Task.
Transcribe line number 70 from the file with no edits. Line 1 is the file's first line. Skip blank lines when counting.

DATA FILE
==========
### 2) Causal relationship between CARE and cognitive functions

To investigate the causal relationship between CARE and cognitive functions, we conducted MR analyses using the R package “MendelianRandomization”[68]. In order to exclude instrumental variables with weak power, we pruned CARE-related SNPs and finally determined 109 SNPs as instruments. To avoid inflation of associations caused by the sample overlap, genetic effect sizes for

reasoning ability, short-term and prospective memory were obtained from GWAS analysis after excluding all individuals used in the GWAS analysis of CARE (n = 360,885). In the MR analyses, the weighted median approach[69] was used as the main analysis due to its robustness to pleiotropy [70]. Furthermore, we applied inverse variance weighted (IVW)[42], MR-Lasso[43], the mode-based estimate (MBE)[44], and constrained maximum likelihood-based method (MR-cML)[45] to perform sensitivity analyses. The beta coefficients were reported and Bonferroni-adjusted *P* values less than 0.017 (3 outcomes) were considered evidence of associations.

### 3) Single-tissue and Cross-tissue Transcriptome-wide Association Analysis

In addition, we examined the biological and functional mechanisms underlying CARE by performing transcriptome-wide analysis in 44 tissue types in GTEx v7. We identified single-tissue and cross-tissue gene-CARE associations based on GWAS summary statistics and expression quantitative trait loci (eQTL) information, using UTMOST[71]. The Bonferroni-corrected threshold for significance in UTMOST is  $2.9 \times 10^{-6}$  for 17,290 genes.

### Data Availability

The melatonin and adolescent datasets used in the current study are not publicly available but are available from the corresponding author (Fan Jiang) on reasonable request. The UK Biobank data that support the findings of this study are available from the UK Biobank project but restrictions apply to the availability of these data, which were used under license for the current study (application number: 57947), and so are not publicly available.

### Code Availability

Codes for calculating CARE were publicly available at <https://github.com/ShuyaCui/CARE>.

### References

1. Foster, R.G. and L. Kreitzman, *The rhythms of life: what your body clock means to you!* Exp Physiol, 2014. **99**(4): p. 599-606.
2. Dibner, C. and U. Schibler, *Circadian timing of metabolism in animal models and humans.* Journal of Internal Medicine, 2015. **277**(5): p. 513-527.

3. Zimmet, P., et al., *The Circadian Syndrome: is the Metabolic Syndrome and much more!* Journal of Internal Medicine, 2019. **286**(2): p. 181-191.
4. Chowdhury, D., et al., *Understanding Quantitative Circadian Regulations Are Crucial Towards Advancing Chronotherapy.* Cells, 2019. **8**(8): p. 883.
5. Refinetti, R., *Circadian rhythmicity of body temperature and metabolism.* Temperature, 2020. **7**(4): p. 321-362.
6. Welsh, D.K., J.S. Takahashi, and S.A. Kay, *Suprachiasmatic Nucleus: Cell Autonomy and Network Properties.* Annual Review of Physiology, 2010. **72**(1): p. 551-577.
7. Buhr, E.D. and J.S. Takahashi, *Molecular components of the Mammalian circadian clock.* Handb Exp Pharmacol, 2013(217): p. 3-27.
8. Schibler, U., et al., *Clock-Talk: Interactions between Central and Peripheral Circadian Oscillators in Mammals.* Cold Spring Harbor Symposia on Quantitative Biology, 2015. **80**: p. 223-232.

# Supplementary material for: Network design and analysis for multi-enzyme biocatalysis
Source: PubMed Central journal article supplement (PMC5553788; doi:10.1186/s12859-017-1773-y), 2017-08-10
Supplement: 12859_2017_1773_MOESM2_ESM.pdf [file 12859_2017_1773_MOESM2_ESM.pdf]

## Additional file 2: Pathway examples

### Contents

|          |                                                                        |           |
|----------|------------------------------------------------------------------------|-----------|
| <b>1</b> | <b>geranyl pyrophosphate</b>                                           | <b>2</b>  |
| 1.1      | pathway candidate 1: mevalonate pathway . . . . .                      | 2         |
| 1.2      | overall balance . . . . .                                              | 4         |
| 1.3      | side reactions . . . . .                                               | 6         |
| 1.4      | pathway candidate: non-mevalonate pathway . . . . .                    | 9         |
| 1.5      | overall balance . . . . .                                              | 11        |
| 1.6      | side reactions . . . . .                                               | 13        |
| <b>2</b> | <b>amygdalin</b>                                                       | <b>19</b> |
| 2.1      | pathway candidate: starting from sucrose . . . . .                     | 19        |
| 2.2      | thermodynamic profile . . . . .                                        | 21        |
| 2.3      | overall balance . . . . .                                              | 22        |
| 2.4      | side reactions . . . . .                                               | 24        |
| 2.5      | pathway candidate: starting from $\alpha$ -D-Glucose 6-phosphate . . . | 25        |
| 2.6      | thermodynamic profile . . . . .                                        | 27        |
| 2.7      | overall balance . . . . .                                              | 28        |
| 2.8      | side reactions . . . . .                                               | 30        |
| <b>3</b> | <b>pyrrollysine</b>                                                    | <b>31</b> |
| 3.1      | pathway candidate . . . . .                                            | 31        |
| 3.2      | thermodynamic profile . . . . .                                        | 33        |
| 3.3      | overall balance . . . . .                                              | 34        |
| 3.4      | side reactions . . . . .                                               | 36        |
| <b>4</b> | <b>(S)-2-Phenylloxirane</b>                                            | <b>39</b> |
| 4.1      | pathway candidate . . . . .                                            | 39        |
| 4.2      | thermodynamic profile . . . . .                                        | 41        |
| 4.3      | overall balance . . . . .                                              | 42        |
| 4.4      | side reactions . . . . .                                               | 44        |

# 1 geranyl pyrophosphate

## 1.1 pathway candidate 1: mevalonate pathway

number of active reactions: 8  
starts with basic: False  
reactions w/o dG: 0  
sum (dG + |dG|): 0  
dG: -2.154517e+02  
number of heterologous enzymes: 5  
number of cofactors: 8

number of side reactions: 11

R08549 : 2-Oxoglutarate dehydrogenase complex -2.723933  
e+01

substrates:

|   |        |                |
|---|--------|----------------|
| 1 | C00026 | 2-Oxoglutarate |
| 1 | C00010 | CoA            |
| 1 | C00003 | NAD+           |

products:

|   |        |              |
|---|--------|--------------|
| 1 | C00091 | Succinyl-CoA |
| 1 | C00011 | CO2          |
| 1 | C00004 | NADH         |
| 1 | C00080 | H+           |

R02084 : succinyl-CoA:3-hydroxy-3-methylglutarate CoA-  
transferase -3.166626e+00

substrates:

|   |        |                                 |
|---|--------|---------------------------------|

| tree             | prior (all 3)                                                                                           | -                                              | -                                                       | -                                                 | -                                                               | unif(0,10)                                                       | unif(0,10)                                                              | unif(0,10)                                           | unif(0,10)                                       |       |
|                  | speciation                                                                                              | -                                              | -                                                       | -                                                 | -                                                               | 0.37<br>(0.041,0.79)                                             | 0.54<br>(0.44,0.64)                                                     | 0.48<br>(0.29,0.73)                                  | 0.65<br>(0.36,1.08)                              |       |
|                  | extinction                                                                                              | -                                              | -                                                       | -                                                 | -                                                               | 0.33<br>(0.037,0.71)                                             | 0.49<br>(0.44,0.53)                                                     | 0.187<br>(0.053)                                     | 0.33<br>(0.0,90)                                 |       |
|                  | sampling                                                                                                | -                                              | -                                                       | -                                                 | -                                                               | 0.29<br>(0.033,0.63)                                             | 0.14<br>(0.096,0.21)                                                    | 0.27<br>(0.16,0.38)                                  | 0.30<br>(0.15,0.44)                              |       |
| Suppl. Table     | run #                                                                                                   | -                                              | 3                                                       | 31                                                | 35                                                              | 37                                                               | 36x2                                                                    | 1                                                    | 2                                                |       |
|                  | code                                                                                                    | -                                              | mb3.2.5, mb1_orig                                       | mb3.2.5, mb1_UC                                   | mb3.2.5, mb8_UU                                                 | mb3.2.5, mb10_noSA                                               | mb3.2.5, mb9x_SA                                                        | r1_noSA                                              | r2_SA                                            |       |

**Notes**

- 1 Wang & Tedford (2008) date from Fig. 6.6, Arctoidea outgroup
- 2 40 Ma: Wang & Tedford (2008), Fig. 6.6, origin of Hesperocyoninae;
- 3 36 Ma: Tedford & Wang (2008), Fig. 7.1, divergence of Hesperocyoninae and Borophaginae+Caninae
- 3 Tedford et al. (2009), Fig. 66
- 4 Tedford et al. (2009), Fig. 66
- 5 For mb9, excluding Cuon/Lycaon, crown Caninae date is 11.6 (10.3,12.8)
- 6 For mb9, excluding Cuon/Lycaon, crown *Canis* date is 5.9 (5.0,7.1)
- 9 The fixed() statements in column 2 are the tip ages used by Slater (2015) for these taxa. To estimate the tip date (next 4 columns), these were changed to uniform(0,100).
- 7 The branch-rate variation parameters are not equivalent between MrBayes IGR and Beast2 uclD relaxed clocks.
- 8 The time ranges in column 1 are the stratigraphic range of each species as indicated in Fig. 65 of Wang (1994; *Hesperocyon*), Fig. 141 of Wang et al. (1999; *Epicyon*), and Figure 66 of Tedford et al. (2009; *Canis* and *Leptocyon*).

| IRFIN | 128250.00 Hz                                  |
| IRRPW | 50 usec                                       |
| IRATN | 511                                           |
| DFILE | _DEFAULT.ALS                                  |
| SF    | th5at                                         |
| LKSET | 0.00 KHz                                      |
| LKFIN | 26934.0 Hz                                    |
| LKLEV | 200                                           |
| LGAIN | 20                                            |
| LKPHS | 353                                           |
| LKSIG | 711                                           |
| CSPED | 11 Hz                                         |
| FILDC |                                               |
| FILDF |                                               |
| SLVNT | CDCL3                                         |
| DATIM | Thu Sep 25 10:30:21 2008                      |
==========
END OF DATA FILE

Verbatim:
products: